That little number, the COG, will show you the relationships between cattle. It will help you discover what is under-valued and over-valued to each other on that day.

The other thing I feel is important is that we must focus on making a profit. That’s easy to do when things are going well. It's just as easy not to do when things aren’t going well. The moment we blame the feedyard for doing a lousy job, or we blame the packer buyer we just took our focus off making a profit. Blaming them and getting mad at them won’t do any good because they do not care. Keep focused on making a profit.

When we learn how to market cattle properly, we can run circles around our competition. Let’s face it, according to the graph above the bar is set pretty low.

Let’s put it to the test

We sold 1,400-pound fats at $1.25 and so did our neighbor. And we both have a COG of $1.00 (I am not adding profit to the COG just to keep the numbers easy and round)

Our neighbor who is bought in to the mainstream cattle feeding culture buys 730-pound steers at $1.54. His ROG is $.96. That is lower than the COG so he’s losing $29/head.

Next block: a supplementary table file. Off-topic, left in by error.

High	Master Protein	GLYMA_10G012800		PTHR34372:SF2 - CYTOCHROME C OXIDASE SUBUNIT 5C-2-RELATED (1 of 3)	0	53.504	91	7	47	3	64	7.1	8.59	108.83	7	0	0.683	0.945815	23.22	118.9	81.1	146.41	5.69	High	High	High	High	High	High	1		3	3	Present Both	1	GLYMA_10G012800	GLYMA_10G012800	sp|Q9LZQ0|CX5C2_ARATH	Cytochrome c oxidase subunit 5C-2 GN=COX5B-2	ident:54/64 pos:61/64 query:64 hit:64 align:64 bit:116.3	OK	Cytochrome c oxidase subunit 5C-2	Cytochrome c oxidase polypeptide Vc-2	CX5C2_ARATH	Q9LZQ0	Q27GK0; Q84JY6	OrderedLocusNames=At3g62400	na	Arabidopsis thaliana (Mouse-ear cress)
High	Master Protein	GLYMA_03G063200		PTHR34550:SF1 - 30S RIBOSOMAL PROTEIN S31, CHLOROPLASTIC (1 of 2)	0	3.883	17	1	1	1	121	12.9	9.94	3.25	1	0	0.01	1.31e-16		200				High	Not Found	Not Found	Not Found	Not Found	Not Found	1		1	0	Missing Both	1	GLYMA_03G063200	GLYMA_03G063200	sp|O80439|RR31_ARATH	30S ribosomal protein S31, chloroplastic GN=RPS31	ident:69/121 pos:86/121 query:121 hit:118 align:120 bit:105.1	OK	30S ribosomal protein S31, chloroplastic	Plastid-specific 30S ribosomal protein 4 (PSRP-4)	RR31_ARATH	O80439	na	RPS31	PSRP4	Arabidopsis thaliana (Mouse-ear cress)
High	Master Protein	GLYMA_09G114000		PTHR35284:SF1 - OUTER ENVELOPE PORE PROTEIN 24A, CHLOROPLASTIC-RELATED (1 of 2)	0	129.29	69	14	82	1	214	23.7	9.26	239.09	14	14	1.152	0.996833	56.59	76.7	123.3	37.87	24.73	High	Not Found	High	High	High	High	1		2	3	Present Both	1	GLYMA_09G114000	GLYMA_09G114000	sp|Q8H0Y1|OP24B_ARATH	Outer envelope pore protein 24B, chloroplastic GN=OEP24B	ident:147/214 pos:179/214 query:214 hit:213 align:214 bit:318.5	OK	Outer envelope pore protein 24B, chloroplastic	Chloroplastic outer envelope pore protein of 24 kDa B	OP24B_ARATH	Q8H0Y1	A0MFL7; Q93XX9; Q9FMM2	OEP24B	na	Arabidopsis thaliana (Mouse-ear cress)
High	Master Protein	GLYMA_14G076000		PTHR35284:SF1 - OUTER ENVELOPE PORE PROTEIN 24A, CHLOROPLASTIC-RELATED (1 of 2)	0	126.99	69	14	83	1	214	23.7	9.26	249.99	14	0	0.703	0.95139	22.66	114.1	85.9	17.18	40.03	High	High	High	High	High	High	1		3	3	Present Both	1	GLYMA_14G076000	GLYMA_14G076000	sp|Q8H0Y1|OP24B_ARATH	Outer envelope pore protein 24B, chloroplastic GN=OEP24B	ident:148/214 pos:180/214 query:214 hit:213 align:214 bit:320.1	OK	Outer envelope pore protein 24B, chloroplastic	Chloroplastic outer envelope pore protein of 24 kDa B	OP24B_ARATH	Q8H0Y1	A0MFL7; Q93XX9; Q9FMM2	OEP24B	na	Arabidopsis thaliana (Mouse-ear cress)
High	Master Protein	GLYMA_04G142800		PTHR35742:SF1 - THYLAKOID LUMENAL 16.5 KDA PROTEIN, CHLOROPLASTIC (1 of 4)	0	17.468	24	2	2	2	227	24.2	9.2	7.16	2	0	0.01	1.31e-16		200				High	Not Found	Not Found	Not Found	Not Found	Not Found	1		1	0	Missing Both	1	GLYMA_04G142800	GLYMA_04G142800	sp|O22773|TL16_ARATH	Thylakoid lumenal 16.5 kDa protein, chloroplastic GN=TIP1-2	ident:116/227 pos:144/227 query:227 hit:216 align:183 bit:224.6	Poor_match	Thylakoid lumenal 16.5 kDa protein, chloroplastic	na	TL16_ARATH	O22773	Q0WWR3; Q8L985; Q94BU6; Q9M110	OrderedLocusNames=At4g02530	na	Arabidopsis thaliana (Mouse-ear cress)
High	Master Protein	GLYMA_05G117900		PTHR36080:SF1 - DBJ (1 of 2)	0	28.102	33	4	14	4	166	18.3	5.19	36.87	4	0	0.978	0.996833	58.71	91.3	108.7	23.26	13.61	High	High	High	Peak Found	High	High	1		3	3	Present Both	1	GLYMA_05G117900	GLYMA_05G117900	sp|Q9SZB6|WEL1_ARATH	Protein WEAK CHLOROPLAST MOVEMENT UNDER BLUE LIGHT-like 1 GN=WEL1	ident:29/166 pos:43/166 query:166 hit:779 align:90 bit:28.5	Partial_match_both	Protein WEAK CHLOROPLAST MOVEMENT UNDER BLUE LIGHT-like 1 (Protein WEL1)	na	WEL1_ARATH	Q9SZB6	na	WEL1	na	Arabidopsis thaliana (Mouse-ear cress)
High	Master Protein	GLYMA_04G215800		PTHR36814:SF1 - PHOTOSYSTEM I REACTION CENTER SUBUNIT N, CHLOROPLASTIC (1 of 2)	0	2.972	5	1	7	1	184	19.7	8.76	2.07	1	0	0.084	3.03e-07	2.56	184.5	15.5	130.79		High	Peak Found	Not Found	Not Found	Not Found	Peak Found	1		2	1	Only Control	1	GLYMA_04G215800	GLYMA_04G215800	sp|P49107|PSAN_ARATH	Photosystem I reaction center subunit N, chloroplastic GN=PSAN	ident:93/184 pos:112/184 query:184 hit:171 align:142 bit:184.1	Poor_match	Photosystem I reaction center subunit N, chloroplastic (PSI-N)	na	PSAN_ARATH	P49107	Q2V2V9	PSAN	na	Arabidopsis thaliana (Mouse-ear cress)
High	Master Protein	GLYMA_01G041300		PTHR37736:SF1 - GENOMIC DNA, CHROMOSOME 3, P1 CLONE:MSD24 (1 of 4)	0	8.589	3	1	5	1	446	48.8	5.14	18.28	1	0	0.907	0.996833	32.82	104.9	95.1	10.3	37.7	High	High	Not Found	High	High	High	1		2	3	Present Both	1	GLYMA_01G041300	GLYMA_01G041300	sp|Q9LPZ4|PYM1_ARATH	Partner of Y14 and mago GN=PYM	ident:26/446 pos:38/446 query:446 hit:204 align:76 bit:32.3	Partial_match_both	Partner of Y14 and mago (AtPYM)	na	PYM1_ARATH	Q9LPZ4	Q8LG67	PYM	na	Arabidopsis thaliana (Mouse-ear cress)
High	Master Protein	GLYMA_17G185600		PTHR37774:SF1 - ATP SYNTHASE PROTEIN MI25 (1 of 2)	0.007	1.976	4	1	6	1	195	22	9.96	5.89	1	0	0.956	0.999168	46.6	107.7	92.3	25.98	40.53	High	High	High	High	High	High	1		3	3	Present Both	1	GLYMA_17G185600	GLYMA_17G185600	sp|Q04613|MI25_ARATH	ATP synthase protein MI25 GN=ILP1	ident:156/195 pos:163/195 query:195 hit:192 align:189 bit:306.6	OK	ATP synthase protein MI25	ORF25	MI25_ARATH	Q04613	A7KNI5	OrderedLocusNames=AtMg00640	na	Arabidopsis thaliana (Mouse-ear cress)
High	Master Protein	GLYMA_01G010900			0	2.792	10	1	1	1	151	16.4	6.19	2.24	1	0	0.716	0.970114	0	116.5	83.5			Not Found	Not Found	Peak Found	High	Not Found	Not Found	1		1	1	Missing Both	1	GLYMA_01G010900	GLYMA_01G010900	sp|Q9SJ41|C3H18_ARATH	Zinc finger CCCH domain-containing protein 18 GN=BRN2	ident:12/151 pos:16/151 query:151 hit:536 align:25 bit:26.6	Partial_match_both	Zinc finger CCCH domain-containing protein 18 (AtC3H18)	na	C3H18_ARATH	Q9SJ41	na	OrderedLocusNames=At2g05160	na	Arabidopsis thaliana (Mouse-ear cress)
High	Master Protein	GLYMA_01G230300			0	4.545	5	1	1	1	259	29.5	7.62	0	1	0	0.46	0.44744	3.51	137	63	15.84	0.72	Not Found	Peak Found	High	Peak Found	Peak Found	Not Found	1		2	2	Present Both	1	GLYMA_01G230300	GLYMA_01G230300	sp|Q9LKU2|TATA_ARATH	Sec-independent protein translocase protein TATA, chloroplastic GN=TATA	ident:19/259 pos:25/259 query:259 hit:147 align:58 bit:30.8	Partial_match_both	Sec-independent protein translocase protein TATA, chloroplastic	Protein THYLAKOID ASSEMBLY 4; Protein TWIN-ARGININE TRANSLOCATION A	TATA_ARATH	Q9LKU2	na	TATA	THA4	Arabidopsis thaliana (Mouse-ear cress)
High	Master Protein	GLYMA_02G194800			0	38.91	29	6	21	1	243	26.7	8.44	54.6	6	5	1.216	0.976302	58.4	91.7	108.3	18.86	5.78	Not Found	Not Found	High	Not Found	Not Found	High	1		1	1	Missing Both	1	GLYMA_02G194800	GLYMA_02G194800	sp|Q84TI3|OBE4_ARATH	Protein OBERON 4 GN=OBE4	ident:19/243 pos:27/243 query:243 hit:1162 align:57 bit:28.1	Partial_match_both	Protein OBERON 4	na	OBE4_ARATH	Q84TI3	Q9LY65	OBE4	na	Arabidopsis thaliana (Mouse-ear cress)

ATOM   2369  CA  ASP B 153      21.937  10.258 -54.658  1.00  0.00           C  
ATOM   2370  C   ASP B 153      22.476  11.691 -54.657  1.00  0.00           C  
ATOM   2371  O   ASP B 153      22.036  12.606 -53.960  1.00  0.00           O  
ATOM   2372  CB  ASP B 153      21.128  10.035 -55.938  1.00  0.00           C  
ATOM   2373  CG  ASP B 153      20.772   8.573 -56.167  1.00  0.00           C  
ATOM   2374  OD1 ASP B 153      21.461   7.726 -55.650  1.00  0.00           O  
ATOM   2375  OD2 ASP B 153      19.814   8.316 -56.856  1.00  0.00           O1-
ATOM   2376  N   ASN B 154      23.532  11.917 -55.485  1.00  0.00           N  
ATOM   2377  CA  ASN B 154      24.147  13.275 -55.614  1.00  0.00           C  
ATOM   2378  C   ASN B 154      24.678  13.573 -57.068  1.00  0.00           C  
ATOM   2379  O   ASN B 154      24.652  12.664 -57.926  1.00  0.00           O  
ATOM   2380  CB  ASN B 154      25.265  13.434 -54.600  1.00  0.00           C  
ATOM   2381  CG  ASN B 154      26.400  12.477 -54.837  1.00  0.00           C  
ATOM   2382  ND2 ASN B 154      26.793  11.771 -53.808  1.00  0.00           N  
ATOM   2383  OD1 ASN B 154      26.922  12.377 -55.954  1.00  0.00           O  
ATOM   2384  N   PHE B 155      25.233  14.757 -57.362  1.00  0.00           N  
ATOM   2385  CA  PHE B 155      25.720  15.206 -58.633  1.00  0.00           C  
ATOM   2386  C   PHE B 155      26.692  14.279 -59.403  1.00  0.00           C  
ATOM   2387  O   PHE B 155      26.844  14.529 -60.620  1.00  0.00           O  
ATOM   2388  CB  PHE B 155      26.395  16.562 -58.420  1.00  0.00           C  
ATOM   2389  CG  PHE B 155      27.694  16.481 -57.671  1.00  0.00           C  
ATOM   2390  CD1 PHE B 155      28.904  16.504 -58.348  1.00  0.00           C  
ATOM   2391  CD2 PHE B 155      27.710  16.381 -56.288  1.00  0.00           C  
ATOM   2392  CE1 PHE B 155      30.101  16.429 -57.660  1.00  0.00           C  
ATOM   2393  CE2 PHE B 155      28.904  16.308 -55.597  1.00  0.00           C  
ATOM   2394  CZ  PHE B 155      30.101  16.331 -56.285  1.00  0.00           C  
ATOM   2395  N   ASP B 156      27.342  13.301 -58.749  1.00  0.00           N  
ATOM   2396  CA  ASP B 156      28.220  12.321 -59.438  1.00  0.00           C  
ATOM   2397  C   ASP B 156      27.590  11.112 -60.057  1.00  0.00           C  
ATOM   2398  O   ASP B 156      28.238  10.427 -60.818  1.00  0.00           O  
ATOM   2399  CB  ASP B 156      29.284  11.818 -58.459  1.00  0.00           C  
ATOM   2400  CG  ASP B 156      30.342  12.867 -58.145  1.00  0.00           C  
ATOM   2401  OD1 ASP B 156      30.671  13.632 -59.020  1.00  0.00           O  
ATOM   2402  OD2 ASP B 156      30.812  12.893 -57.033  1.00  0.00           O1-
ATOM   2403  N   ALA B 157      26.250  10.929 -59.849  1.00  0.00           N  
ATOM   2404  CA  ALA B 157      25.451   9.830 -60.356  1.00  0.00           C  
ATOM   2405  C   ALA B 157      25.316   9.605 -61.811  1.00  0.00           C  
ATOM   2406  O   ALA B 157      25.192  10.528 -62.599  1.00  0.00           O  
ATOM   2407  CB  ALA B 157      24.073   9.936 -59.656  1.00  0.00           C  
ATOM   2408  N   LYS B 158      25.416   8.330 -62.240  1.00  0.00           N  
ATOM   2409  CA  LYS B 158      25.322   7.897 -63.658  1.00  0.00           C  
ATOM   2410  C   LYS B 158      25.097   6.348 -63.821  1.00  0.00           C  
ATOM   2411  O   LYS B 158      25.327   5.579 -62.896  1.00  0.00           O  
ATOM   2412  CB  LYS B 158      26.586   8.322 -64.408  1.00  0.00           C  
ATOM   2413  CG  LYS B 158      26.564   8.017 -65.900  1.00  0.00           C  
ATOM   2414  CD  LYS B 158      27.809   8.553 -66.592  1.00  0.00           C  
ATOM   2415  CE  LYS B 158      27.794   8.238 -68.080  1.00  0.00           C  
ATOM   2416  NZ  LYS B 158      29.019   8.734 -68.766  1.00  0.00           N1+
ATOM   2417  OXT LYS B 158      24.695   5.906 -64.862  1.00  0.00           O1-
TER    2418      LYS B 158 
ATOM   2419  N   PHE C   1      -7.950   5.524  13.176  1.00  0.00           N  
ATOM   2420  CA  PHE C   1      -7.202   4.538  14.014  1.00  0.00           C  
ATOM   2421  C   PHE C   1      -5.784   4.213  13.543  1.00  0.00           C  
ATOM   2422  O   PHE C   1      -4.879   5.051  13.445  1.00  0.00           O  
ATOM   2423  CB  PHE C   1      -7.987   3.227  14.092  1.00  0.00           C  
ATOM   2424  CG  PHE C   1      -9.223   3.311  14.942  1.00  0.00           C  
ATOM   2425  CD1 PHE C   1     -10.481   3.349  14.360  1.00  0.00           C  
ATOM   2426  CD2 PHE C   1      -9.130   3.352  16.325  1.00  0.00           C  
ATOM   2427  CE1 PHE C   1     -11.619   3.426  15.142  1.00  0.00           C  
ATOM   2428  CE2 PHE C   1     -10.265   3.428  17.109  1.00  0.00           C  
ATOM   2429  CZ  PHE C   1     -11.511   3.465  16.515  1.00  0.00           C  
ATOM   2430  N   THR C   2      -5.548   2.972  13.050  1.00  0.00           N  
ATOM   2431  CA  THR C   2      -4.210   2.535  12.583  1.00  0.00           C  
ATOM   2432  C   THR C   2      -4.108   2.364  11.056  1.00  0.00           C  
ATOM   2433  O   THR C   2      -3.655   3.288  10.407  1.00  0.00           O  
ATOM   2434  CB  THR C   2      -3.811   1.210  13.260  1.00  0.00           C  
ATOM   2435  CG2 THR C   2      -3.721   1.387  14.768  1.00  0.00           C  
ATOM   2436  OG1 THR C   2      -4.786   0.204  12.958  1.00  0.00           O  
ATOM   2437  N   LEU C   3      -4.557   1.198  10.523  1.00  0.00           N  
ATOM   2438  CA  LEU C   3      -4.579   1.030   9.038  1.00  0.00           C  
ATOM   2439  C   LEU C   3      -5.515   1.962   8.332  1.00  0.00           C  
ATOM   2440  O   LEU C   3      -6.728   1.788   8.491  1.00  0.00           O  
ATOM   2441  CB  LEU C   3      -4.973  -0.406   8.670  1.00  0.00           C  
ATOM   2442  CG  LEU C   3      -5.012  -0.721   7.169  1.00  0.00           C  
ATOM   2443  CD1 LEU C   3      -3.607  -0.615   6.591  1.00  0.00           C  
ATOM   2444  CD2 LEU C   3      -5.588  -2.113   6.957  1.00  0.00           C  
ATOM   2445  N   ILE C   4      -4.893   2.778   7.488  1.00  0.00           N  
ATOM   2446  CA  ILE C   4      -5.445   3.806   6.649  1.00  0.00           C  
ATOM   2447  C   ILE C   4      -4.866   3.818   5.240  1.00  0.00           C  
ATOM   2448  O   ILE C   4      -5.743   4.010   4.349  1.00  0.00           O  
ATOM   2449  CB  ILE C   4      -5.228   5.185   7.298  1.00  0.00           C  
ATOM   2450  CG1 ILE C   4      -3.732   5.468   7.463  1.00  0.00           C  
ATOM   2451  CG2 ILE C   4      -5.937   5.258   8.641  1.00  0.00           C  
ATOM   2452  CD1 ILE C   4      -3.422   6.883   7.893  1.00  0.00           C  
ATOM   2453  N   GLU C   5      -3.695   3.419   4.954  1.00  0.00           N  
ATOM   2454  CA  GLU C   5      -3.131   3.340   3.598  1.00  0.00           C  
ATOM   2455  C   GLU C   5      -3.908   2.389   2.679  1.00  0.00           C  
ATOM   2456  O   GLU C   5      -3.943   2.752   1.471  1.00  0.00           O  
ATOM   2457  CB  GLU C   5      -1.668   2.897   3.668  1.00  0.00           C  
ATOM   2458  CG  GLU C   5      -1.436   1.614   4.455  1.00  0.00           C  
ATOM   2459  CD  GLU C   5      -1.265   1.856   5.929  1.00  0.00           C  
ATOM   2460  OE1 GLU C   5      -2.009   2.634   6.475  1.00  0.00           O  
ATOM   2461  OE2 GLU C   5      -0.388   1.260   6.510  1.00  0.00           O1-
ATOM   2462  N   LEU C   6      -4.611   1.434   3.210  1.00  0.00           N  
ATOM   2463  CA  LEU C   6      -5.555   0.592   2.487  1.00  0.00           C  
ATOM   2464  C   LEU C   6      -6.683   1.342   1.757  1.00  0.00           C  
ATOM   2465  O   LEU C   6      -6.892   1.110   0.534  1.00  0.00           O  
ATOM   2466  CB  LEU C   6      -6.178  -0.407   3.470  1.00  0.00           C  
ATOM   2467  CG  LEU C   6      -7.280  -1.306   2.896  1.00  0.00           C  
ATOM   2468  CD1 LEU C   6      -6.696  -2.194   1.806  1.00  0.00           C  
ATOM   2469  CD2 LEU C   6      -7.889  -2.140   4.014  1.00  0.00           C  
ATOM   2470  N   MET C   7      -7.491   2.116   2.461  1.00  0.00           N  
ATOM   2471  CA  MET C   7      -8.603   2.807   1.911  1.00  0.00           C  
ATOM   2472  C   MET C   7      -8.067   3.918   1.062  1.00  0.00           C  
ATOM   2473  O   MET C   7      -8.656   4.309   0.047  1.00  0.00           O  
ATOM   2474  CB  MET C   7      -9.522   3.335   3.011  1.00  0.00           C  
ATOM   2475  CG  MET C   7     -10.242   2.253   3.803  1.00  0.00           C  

We do sell/buy marketing and ran the cattle squares to find the expected money value. We knew not to bid on those seven weights. We bought 1,005-pound steers at $1.25 (Rule of thumb: when the sell price and the buy price are the same, that price will be your ROG). This trade gives us a ROG of $1.25 which is higher than our dollar COG. We made $99 profit.

The board, retail demand, exports, ADG, packers and all the other trendy things people talk about had nothing to do with either of these trades. Just knowing when to bid or not to bid made the difference. Plain simple boring stuff, but there’s nothing boring about positive cash flow

I am not a fan of the cancel culture movement that is taking place in this country. Thing is if Mr. Langemeier’s slide is an accurate reflection of finishing cattle, it may be time to cancel the culture in the feedyards and replace it with a better paradigm, and a little math.

A look at the markets

This week the VOG started high with three weight cattle and gets lower bottoming out on seven weights then begins to come back up a bit. Here’s where knowing COG comes in for the stocker operators. It tells them to sell their cattle weighing around 600-pounds. It will cost more to put the next 100-pounds on than those pounds are currently worth.

Feeder bulls were 20-25 back, fleshy cattle were $6 back. Unweaned cattle were 0-14 dollars back. The discount, or lack of, were affected by how many bawlers were in the run. If you had the only bawlers of the day and it was a small group, you probably took the discount. This is a case of it would pay to call the barn and be sure other people were bringing bawling calves as well.

Replacement heifers only caught a $2 premium this week. That is smaller than premiums paid the previous two months. I am not sure if there just were not many replacement quality heifers available this week or if this is the beginning of the signal that people are done buying them.